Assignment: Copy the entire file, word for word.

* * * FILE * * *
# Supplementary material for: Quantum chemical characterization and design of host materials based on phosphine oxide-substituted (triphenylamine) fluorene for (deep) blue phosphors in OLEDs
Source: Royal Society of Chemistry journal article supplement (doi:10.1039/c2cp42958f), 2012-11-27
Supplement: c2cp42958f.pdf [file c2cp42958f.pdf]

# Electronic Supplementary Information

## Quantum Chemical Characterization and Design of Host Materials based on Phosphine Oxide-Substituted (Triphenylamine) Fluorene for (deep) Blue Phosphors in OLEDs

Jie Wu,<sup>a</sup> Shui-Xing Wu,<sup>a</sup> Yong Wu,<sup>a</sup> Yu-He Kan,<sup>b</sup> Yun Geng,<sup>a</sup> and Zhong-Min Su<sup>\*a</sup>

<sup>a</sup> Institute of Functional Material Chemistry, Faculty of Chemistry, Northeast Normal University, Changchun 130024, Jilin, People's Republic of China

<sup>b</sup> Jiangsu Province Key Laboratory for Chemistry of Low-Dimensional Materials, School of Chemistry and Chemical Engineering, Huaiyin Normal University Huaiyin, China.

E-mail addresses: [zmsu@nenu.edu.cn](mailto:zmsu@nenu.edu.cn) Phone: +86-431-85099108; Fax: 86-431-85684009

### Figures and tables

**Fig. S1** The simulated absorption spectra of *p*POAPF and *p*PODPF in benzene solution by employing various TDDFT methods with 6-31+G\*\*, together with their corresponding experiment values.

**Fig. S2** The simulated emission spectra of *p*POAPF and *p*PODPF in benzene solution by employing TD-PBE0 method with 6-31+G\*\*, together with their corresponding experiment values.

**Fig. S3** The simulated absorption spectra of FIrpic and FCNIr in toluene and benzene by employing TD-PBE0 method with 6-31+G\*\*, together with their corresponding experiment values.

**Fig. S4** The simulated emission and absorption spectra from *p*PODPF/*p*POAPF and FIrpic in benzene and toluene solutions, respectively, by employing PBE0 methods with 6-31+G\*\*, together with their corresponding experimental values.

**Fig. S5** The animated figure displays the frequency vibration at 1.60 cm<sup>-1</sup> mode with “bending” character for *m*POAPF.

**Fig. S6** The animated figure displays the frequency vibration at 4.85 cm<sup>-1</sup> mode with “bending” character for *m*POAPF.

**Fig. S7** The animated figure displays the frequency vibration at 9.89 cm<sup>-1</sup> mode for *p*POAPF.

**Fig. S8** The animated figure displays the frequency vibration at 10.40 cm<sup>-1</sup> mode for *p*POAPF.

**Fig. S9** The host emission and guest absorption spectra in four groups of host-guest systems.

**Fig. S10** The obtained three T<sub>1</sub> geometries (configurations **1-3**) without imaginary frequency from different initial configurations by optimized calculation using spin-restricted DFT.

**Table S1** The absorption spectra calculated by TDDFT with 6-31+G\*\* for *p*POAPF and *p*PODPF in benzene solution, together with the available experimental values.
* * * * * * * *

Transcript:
# Supplementary material for: Quantum chemical characterization and design of host materials based on phosphine oxide-substituted (triphenylamine) fluorene for (deep) blue phosphors in OLEDs
Source: Royal Society of Chemistry journal article supplement (doi:10.1039/c2cp42958f), 2012-11-27
Supplement: c2cp42958f.pdf [file c2cp42958f.pdf]

# Electronic Supplementary Information

## Quantum Chemical Characterization and Design of Host Materials based on Phosphine Oxide-Substituted (Triphenylamine) Fluorene for (deep) Blue Phosphors in OLEDs

Jie Wu,<sup>a</sup> Shui-Xing Wu,<sup>a</sup> Yong Wu,<sup>a</sup> Yu-He Kan,<sup>b</sup> Yun Geng,<sup>a</sup> and Zhong-Min Su<sup>\*a</sup>

<sup>a</sup> Institute of Functional Material Chemistry, Faculty of Chemistry, Northeast Normal University, Changchun 130024, Jilin, People's Republic of China

<sup>b</sup> Jiangsu Province Key Laboratory for Chemistry of Low-Dimensional Materials, School of Chemistry and Chemical Engineering, Huaiyin Normal University Huaiyin, China.

E-mail addresses: [zmsu@nenu.edu.cn](mailto:zmsu@nenu.edu.cn) Phone: +86-431-85099108; Fax: 86-431-85684009

### Figures and tables

**Fig. S1** The simulated absorption spectra of *p*POAPF and *p*PODPF in benzene solution by employing various TDDFT methods with 6-31+G\*\*, together with their corresponding experiment values.

**Fig. S2** The simulated emission spectra of *p*POAPF and *p*PODPF in benzene solution by employing TD-PBE0 method with 6-31+G\*\*, together with their corresponding experiment values.

**Fig. S3** The simulated absorption spectra of FIrpic and FCNIr in toluene and benzene by employing TD-PBE0 method with 6-31+G\*\*, together with their corresponding experiment values.

**Fig. S4** The simulated emission and absorption spectra from *p*PODPF/*p*POAPF and FIrpic in benzene and toluene solutions, respectively, by employing PBE0 methods with 6-31+G\*\*, together with their corresponding experimental values.

**Fig. S5** The animated figure displays the frequency vibration at 1.60 cm<sup>-1</sup> mode with “bending” character for *m*POAPF.

**Fig. S6** The animated figure displays the frequency vibration at 4.85 cm<sup>-1</sup> mode with “bending” character for *m*POAPF.

**Fig. S7** The animated figure displays the frequency vibration at 9.89 cm<sup>-1</sup> mode for *p*POAPF.

**Fig. S8** The animated figure displays the frequency vibration at 10.40 cm<sup>-1</sup> mode for *p*POAPF.

**Fig. S9** The host emission and guest absorption spectra in four groups of host-guest systems.

**Fig. S10** The obtained three T<sub>1</sub> geometries (configurations **1-3**) without imaginary frequency from different initial configurations by optimized calculation using spin-restricted DFT.

**Table S1** The absorption spectra calculated by TDDFT with 6-31+G\*\* for *p*POAPF and *p*PODPF in benzene solution, together with the available experimental values.